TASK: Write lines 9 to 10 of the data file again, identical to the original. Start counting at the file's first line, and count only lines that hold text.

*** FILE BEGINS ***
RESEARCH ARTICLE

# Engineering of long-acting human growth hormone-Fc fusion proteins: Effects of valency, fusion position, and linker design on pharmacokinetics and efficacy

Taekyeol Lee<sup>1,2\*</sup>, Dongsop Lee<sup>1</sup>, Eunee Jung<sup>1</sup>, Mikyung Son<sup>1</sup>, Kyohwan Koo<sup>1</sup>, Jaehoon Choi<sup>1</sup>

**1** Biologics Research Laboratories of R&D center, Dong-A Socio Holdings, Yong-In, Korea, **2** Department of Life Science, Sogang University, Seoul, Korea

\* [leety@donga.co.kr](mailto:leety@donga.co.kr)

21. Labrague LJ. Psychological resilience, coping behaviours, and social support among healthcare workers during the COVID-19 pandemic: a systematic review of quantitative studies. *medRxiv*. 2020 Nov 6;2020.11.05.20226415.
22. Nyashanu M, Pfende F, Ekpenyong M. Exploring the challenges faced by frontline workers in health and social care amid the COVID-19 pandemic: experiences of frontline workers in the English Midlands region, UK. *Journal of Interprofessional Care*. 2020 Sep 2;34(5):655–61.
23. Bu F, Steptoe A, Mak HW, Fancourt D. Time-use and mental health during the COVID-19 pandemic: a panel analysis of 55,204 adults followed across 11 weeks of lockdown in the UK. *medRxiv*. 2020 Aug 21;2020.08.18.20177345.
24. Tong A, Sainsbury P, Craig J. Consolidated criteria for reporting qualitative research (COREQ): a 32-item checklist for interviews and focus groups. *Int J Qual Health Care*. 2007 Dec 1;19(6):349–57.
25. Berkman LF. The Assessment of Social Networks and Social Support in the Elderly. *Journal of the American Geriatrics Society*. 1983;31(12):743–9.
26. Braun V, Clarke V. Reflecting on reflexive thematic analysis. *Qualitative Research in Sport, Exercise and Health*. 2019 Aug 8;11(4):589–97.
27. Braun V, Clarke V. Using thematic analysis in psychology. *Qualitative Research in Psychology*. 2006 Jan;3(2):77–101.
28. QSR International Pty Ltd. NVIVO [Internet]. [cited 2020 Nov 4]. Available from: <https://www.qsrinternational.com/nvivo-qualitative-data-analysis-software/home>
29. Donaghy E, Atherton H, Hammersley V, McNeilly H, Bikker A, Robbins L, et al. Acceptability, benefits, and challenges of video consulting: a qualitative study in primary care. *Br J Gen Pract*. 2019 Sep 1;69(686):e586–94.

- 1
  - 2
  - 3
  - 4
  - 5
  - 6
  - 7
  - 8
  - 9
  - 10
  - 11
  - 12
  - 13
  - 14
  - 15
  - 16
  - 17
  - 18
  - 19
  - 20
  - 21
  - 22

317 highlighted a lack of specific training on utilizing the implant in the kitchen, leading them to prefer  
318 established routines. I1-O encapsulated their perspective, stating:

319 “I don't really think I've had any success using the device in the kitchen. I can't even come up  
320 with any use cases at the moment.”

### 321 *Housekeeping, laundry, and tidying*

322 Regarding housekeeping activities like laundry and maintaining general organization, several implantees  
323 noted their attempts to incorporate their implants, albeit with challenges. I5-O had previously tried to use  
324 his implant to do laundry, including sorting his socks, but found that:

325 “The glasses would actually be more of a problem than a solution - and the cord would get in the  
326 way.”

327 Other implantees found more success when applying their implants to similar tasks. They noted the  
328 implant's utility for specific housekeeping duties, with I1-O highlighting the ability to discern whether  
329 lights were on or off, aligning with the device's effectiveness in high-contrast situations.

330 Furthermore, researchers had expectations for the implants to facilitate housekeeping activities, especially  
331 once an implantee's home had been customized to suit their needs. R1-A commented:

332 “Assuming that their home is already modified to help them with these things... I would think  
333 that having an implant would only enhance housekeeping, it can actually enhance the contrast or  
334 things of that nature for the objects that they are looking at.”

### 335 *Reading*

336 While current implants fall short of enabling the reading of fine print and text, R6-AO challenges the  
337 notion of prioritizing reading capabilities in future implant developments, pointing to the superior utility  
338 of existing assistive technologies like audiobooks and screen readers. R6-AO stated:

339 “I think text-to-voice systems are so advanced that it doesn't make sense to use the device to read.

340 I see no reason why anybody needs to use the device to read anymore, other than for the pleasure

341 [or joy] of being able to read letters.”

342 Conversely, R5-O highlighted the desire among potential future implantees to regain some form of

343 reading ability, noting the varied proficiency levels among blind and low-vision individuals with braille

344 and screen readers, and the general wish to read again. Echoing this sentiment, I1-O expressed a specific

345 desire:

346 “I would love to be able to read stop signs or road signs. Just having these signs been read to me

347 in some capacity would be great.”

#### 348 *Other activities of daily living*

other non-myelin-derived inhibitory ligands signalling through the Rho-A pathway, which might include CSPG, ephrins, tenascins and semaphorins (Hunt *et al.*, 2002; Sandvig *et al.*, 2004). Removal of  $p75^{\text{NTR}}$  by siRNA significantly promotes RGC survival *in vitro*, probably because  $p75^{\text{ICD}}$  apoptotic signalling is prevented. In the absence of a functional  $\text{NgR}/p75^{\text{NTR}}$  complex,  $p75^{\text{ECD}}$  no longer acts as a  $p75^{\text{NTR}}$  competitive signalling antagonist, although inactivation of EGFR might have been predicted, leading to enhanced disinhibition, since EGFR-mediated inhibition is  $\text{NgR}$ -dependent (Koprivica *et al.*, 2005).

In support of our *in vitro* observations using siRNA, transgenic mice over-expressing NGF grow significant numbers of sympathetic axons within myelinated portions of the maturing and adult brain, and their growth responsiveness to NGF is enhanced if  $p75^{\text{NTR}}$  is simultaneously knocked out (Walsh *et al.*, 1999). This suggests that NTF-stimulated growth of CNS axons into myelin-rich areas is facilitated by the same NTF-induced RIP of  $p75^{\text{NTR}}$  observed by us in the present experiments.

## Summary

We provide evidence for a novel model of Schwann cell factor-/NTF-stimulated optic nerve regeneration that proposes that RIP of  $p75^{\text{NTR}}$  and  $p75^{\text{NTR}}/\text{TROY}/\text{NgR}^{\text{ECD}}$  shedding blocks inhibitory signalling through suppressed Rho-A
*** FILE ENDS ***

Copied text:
24. Tong A, Sainsbury P, Craig J. Consolidated criteria for reporting qualitative research (COREQ): a 32-item checklist for interviews and focus groups. *Int J Qual Health Care*. 2007 Dec 1;19(6):349–57.
25. Berkman LF. The Assessment of Social Networks and Social Support in the Elderly. *Journal of the American Geriatrics Society*. 1983;31(12):743–9.